Monday, July 7, 2014

Solar powered water purification

Zhe Zhang ’15 set out to learn about solar-powered water purification. But his summer research project has taught him at least as much about determination and hard work.

He has spent much of his summer trying to make one chemical reaction happen, which he originally assumed would take only a couple of days. But he takes that in stride. “It’s always fun to try different things and to finally get a solution,” he said. “I just don’t want to fail.”

Zhang has long had an interest in ways of using chemical reactions to purify water. Considering the world’s demand for potable water as well as the potential for energy shortages in the future, he thought developing a sun-powered water purification system would be important. Zhang was particularly interested in titanium dioxide, a semiconductor that is known to purify water when it is exposed to sunlight.

If only that process worked quickly.

“The process is not new, but it’s not efficient enough to be practical,” said Bill Bare, a Randolph chemistry professor advising Zhang on this research. “We’re hoping to make it a little more practical.”

Sunlight causes chemical reactions that increase energy in titanium dioxide atoms, causing the semiconductor to break down organic compounds. But it only absorbs ultraviolet light, meaning much of the light that hits it has no effect.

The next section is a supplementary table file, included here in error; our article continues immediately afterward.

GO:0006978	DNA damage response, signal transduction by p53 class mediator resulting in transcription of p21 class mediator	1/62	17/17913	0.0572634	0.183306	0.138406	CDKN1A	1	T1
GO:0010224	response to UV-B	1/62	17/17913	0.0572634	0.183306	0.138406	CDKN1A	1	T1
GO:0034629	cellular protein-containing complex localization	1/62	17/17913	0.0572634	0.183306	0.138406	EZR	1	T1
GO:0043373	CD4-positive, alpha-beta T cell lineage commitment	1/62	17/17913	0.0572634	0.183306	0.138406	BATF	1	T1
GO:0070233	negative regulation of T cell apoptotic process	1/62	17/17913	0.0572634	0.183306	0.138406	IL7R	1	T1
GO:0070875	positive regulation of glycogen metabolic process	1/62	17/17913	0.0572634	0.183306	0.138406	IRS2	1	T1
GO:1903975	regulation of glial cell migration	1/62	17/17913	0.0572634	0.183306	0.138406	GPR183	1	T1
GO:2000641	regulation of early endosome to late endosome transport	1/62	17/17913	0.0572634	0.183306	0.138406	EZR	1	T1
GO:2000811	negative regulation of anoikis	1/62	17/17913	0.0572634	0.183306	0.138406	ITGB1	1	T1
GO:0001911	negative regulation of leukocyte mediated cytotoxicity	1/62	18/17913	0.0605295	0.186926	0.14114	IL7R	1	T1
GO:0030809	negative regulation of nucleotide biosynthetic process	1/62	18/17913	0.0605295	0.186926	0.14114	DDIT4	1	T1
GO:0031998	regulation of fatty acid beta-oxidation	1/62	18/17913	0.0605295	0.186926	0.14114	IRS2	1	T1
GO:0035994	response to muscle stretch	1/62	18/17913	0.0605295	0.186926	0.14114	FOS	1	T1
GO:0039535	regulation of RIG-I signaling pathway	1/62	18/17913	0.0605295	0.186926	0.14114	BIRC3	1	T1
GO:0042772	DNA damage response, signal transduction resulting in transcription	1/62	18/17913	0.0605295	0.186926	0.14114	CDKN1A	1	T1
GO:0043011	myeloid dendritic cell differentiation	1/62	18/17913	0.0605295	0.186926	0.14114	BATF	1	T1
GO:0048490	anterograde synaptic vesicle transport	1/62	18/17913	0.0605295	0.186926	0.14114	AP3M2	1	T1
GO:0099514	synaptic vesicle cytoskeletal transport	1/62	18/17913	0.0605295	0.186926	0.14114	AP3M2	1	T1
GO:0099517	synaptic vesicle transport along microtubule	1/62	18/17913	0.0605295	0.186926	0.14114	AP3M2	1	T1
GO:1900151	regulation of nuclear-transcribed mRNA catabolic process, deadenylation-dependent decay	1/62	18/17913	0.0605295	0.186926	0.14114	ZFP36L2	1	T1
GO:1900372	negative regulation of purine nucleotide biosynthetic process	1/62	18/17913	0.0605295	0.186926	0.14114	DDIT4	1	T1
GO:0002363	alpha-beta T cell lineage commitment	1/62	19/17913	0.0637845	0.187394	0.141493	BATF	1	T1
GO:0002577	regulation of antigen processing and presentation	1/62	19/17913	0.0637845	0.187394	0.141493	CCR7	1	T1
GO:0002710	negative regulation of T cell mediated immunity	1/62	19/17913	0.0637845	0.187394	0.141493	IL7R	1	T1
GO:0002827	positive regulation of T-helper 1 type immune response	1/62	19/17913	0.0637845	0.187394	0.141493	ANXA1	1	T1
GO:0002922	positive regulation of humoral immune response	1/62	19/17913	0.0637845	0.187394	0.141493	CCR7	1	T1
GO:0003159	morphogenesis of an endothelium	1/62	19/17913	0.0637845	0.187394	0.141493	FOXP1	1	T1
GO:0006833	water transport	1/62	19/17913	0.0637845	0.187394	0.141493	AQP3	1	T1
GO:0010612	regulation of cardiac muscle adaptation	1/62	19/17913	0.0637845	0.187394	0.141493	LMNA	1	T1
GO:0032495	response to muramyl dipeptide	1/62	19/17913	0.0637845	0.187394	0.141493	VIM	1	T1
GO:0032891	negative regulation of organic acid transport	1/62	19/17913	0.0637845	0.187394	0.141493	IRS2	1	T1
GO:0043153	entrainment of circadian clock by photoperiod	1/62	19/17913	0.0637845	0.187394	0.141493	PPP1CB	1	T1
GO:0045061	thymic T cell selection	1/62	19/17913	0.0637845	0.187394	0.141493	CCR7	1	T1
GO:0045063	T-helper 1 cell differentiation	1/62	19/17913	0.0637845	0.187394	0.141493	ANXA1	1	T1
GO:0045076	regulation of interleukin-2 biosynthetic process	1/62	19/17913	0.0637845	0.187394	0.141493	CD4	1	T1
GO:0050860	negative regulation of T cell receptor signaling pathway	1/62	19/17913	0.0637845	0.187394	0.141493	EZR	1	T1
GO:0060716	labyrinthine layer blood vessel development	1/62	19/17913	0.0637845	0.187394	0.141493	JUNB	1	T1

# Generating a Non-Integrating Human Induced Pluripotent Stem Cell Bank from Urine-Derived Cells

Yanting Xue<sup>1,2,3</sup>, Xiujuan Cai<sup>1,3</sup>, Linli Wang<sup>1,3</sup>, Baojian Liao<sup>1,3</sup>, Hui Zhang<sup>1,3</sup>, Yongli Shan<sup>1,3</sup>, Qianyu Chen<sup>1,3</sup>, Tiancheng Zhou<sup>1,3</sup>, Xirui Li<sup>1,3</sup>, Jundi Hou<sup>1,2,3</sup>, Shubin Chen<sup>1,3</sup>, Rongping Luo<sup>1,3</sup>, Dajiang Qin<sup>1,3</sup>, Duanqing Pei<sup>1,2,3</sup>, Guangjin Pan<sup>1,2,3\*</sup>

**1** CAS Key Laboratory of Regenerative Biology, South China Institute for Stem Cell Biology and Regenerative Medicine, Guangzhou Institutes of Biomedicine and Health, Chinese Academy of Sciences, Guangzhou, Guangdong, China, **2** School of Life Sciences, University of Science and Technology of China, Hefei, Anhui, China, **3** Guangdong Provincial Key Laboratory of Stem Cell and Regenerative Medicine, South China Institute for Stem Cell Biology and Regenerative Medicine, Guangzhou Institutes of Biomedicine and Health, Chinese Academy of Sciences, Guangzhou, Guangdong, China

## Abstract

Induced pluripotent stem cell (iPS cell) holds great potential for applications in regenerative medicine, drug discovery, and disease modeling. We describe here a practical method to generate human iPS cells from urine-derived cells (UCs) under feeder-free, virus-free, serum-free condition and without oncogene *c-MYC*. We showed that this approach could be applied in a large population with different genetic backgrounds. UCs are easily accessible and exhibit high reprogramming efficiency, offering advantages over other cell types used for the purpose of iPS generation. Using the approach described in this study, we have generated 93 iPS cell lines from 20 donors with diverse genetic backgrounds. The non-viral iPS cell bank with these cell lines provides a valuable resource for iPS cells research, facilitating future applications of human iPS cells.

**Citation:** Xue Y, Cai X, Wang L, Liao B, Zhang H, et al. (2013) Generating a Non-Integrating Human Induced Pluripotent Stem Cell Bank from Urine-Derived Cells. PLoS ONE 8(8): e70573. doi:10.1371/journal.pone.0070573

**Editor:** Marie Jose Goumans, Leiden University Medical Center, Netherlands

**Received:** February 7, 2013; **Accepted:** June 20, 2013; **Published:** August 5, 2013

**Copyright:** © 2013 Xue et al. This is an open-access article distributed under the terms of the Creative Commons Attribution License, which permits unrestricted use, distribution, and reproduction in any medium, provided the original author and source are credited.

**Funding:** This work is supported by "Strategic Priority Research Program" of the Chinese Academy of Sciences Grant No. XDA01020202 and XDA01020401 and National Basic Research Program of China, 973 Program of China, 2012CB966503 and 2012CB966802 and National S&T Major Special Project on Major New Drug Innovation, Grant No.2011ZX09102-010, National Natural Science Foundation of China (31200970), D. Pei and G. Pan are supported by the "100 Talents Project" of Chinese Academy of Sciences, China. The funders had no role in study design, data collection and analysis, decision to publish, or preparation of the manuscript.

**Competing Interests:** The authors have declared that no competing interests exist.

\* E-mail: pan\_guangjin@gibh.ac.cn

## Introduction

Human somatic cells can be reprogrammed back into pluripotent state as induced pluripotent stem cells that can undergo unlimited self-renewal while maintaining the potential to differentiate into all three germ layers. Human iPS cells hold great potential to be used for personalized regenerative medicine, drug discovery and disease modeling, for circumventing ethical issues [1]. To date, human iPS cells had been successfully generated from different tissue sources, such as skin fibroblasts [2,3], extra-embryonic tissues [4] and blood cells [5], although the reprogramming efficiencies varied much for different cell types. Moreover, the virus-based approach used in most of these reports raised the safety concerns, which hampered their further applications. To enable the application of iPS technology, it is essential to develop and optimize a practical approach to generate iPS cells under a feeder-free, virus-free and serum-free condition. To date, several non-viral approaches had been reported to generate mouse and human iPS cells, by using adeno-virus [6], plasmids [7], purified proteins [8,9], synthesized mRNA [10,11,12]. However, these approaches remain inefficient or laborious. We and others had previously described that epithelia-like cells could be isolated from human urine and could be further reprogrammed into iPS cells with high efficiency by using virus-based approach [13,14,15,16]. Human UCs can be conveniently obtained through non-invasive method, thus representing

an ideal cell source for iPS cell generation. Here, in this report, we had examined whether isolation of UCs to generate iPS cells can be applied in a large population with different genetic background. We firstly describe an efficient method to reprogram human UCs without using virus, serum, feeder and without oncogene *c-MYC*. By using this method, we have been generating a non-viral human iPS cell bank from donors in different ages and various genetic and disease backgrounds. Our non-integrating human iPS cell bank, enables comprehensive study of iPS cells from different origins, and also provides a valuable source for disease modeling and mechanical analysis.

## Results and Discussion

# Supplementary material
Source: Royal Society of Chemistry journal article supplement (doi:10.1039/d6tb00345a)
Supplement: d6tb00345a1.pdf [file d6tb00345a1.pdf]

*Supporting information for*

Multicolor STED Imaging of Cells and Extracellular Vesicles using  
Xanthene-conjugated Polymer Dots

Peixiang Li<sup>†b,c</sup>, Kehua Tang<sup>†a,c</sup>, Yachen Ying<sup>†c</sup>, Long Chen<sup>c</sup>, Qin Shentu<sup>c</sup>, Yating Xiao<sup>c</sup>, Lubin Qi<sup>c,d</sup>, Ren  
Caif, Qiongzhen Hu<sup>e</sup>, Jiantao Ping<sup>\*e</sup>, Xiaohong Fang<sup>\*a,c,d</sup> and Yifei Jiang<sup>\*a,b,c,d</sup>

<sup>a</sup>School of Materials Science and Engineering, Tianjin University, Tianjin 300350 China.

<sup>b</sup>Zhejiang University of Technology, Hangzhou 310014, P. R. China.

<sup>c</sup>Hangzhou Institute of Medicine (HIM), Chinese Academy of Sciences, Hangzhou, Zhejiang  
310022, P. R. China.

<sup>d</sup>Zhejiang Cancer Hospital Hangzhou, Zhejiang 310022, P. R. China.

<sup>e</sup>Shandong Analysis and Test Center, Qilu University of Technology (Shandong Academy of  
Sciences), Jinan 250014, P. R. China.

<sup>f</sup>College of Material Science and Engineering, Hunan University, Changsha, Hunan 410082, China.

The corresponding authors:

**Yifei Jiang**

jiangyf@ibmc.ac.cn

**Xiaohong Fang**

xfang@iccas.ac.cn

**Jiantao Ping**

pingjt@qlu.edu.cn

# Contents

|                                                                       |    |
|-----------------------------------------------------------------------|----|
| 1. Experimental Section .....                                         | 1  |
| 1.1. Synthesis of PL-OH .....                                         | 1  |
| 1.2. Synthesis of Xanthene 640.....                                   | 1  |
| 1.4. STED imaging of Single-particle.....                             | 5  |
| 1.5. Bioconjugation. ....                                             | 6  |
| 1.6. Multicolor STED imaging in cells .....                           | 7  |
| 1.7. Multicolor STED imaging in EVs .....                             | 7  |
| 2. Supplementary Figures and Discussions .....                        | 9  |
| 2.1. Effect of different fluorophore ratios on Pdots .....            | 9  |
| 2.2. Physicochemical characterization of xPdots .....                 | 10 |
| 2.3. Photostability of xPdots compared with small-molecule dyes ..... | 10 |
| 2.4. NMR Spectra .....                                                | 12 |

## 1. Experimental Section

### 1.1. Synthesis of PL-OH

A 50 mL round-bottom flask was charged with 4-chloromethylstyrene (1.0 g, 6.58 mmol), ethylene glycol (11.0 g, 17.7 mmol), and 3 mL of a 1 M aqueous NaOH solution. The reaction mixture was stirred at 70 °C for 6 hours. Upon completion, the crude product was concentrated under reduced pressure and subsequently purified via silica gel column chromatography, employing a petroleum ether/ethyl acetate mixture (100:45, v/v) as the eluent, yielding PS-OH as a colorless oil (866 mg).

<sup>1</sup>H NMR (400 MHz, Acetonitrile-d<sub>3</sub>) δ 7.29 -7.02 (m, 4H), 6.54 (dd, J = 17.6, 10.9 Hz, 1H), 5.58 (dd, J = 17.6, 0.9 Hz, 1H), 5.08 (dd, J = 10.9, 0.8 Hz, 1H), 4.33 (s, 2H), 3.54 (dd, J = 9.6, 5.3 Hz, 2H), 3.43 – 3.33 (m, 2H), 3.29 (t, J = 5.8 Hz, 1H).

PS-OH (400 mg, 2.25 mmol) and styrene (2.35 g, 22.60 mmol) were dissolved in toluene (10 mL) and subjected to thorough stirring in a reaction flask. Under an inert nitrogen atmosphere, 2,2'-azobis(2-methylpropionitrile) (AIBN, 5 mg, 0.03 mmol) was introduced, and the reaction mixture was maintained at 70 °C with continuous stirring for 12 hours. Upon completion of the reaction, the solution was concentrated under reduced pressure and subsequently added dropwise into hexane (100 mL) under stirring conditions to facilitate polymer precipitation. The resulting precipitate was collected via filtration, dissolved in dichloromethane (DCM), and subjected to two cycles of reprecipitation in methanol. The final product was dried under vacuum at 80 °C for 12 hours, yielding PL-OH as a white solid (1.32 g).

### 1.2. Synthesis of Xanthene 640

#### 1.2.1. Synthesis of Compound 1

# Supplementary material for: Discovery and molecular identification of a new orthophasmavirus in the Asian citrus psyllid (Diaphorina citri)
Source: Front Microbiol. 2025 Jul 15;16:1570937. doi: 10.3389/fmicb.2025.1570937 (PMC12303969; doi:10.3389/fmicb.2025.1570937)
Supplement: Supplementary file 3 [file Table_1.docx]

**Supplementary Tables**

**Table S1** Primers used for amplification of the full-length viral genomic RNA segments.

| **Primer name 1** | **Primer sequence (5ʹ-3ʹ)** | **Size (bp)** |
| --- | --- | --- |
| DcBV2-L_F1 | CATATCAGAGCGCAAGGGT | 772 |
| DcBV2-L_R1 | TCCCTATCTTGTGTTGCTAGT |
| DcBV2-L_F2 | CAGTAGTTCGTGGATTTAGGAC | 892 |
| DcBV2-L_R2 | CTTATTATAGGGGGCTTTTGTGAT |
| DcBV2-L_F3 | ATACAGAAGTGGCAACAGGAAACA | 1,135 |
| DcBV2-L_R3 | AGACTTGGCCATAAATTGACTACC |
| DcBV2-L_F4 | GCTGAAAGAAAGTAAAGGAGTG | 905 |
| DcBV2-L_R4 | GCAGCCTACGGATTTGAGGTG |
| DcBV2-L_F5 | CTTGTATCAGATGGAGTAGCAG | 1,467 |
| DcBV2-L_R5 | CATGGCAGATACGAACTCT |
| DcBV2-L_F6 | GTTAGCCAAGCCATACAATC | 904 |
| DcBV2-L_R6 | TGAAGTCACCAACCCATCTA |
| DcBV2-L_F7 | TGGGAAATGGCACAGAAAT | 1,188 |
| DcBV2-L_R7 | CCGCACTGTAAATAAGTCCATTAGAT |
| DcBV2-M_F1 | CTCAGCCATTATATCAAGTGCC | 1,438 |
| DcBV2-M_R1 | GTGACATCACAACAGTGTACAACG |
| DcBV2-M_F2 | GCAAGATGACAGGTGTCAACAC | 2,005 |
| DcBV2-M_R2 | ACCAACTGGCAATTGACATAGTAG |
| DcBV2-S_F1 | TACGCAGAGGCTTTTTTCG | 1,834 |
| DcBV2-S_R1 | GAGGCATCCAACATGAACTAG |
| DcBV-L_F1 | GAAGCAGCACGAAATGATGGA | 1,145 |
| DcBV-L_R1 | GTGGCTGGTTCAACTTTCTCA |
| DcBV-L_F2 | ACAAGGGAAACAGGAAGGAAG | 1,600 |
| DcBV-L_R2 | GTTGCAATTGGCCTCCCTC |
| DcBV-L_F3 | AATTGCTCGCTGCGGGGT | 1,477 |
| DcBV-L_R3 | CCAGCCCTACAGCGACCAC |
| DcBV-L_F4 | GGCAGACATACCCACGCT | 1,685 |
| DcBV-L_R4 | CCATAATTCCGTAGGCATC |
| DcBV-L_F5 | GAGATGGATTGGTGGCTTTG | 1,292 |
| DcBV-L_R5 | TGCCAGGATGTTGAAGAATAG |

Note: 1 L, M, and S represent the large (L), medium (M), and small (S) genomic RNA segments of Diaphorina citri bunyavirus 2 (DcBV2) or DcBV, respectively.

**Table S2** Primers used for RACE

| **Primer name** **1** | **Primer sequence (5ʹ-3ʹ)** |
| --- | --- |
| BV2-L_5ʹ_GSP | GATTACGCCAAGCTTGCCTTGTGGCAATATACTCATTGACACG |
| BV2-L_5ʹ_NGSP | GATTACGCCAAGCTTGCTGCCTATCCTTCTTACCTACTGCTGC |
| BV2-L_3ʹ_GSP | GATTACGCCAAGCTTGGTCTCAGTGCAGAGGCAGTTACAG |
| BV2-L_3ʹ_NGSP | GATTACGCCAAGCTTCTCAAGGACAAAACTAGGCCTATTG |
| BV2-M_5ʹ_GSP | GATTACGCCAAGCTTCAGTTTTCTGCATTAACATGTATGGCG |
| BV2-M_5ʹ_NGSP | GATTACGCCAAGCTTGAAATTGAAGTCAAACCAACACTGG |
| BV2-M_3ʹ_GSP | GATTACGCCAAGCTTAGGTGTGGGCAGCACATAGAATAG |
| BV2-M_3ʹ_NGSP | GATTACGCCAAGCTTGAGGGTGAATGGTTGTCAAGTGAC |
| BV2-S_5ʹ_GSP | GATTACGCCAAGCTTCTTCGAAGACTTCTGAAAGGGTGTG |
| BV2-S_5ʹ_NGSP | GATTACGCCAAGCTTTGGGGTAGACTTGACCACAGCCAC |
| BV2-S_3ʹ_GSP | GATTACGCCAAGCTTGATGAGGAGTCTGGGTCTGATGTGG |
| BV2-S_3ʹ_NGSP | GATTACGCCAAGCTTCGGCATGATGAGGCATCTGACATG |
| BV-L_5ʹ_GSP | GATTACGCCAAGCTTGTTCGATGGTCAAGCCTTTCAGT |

Bare and Zhang suggested that binding a luminescent compound called ruthenium to titanium dioxide could help increase the spectrum of light that can interact with the material. They designed an experiment to test this. Zhang began the summer by measuring the rates at which titanium dioxide would purify water on its own. But he hit a roadblock when he tried to attach the ruthenium to the semiconductor. The molecules that would make the binding possible were not connecting.

Zhang and Bare experimented with the problem for several weeks. Finally, two weeks ago they made the chemicals bind by changing the acidity of the solution, although the process needs more testing to confirm the success. Zhang looked back at the detour as an effective learning opportunity that helped him understand how to solve problems in original research.

“It’s both a process of learning and researching,” he said. “In the lab, the professor knows everything and can answer all the questions. But in research, there may be a topic that the professor is not very familiar with, and you have to research together.”

Bare added that this is part of the purpose of fostering research opportunities for students who may spend much of their lives solving research problems. “In a research project, we don’t know what’s going to work and what isn’t,” he said. “If it doesn’t work, we have to put our heads together and find out why.”